No, I did not and they are not my friends. Just as God used the Babylonians, Assyrians etc to chastise His people, so I believe He used Islam.

Idolatry causes God to leave, which take His protection away, satan fills the void, with evil which includes war:

NKJ  Ezekiel 8:6 Furthermore He said to me, "Son of man, do you see what they are doing, the great abominations that the house of Israel commits here, to make Me go far away from My sanctuary? Now turn again, you will see greater abominations." (Eze 8:6 NKJ)

11 "And from the time that the regular sacrifice is abolished, and the abomination of desolation is set up, there will be 1,290 days.
12 "How blessed is he who keeps waiting and attains to the 1,335 days!
13 "But as for you, go your way to the end; then you will enter into rest and rise again for your allotted portion at the end of the age."

(Dan 12:11-1 NAS)
Youd didn't answer the question.

The Apostles present Christ to us as the icon of the invisible God.  The Muslims say because God is transcendant, invisible, infinite and does not change,  the Apostles therefore committed blasphemy, for Jesus cannot be God.

Birds of a feather.

You also haven't answered why God left the iconoclast Nestorians and took His protection away.  Indeed, one could argue He never gave it, as the Nestorians, like most iconoclasts who claim Christ, never formed the majority nor controlled a state.  Why did God, according to your intrepretatin, chastise the Nestorians, while He let the iconophile Orthodox survive, thrive and spread, surviving Islam and dominate a dozern or more coutnes and much of the globe?  Why did the icon loving Rus' defeat the icon hating Jewish and Muslim khans of central asia?

And was satan's grip, after it got slapped in the Iberian peninsula, too short to reach the icon loving West?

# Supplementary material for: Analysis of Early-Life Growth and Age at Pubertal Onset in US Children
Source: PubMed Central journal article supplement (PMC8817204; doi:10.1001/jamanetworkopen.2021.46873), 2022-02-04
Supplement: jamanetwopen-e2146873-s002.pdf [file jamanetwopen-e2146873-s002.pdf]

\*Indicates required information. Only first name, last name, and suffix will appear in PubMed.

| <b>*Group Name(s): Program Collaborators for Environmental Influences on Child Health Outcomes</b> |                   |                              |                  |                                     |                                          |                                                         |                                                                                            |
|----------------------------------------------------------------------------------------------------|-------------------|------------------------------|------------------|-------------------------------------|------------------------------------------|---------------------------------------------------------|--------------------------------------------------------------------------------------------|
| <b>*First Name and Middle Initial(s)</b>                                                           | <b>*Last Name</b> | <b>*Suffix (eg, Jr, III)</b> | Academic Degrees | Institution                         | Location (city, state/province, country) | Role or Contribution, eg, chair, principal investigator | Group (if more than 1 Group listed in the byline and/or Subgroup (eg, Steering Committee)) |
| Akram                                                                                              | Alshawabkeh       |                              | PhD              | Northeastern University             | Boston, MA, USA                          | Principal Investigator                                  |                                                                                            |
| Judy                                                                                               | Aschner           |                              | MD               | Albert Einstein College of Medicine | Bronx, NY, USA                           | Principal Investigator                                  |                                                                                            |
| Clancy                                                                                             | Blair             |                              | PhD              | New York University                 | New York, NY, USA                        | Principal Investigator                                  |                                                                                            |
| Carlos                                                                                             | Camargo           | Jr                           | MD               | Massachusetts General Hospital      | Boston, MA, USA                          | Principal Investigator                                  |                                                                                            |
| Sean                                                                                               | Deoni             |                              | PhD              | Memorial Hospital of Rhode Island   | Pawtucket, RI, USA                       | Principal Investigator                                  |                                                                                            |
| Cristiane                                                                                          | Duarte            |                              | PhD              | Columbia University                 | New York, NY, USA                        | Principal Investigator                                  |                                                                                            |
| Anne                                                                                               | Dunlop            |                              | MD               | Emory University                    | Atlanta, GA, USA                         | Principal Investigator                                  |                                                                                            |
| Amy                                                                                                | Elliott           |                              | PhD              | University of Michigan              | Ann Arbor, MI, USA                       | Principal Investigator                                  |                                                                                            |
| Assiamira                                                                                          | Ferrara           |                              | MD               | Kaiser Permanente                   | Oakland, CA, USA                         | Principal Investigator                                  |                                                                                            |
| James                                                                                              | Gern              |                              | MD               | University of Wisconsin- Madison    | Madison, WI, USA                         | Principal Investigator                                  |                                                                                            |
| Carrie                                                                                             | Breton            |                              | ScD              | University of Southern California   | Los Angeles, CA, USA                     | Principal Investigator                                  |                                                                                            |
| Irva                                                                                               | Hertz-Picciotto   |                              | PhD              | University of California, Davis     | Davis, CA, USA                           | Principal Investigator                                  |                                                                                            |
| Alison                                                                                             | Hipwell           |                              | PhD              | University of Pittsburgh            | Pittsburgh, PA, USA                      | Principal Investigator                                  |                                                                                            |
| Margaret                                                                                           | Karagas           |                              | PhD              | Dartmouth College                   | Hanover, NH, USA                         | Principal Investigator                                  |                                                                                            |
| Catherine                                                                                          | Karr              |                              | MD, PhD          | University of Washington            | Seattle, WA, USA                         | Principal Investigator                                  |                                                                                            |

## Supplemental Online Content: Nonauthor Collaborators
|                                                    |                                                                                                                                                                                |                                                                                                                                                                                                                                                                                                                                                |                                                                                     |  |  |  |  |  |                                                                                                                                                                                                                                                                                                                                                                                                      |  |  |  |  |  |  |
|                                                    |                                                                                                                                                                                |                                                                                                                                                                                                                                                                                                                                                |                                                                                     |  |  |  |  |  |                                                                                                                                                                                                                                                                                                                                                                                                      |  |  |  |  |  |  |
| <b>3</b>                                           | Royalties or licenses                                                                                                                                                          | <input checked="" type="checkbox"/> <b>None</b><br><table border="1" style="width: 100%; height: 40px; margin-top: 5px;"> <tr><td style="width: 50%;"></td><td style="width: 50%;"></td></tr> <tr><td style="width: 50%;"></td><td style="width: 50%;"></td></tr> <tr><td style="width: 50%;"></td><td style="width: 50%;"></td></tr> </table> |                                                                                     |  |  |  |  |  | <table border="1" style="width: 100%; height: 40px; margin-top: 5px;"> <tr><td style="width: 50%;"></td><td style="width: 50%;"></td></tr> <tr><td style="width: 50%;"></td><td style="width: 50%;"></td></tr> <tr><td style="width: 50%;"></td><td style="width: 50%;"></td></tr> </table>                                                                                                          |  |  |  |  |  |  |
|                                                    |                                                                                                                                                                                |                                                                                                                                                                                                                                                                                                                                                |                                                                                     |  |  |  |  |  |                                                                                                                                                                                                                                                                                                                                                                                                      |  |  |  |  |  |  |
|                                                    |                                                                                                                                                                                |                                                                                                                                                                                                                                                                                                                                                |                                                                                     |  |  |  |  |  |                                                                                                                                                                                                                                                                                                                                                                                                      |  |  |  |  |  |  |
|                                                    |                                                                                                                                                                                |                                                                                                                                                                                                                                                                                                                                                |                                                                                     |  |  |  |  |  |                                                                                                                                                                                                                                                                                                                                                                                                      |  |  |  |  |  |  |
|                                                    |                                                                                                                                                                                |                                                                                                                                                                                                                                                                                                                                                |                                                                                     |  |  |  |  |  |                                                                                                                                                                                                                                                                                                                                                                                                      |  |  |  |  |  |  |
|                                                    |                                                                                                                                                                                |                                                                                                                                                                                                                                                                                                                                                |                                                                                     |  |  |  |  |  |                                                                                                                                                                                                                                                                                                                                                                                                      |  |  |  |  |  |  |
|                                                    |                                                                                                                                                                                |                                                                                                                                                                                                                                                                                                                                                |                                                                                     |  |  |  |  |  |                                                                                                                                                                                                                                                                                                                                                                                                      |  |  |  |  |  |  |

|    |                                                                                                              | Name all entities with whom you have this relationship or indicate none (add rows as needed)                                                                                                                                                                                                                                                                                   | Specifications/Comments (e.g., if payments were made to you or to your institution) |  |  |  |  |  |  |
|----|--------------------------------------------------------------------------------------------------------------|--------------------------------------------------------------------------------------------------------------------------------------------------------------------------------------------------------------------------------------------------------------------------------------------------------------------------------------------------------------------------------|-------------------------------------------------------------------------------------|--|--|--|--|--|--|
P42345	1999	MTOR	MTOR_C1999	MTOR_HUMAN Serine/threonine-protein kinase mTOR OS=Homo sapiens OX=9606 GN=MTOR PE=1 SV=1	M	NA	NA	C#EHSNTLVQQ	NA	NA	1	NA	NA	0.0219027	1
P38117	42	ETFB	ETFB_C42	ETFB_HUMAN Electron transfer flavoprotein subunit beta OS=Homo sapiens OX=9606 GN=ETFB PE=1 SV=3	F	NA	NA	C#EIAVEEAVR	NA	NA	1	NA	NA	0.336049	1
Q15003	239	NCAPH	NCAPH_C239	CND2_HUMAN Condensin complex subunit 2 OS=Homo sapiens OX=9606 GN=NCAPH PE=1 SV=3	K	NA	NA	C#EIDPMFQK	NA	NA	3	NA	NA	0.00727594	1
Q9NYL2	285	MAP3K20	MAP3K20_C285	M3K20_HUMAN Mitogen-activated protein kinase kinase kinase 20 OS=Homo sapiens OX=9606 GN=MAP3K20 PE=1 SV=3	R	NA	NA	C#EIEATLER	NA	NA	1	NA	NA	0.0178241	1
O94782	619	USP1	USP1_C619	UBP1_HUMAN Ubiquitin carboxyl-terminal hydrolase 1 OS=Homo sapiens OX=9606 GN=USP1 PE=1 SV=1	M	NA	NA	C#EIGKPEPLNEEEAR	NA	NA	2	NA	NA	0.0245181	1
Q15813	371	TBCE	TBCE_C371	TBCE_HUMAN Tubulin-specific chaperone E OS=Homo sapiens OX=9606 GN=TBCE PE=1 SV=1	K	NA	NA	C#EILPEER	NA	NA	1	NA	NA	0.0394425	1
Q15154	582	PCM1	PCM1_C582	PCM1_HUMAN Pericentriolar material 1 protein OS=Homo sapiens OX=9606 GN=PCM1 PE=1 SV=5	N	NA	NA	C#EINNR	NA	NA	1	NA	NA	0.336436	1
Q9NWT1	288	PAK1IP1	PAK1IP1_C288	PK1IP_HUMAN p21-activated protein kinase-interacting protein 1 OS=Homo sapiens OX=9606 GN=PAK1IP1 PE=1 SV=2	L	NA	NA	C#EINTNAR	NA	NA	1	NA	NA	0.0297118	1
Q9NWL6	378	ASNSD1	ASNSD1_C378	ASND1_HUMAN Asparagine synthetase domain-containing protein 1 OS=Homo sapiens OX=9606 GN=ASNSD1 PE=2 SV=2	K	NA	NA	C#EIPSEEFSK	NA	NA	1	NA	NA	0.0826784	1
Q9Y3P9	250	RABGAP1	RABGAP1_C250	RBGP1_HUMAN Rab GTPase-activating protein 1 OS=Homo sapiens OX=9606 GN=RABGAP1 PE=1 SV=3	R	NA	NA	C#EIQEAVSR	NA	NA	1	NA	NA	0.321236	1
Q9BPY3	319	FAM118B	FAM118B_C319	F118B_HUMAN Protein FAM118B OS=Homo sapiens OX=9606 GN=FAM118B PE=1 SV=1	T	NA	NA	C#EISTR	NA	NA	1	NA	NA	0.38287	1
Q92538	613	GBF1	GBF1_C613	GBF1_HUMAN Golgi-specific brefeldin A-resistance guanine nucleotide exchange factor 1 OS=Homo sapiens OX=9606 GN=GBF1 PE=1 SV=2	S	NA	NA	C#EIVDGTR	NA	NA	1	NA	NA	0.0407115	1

Of course Israel's idolatry caused God to leave, which take His protection away, satan filled the void, with evil which included war.

But since icons aren't idols, what's your point?
ialmisry said:
Alfred Persson said:
Those dispatching their icons to slay me, I ignore.
If the image of the king is the king, the image of Christ is Christ, and the image of a saint the saint, and if power is not divided nor glory distributed, honouring the image becomes honouring the one who is set forth in image. Devils have feared the saints, and have fled from their shadow. The shadow is an image, and I make an image that I may scare demons.-St. John of Damscus
http://books.google.com/books?id=ibnUAAAAMAAJ&pg=PA35&dq=John+damascus+scare+demons&hl=en&ei=ikRcTO2eBoL-8Aa3utS5Ag&sa=X&oi=book_result&ct=result&resnum=1&ved=0CCsQ6AEwAA#v=onepage&q&f=false
Btw, are you aware that the Christ loving Orthodox armies carried icons into battle, and carried them in procession atop the walls of their city to repal the invaders? The Black Madonna, the Queen of Poland, is a famous example brought to the West.  In Constantinople, the icon of the Protection of the Theotokos records such an instance when the pagan Rus' armed forces were destroyed: their Orthodox Russian, Ukrainian and Belorussian descendents are the most fervent venerators of this icon.

 

ialmisry

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PrincessMommy said:
Fr. George said:
Alfred Persson said:
Perssonism is a disparaging nickname referring to my statements, while the shortened form of John of Damascus wasn't at all, yet I was warned.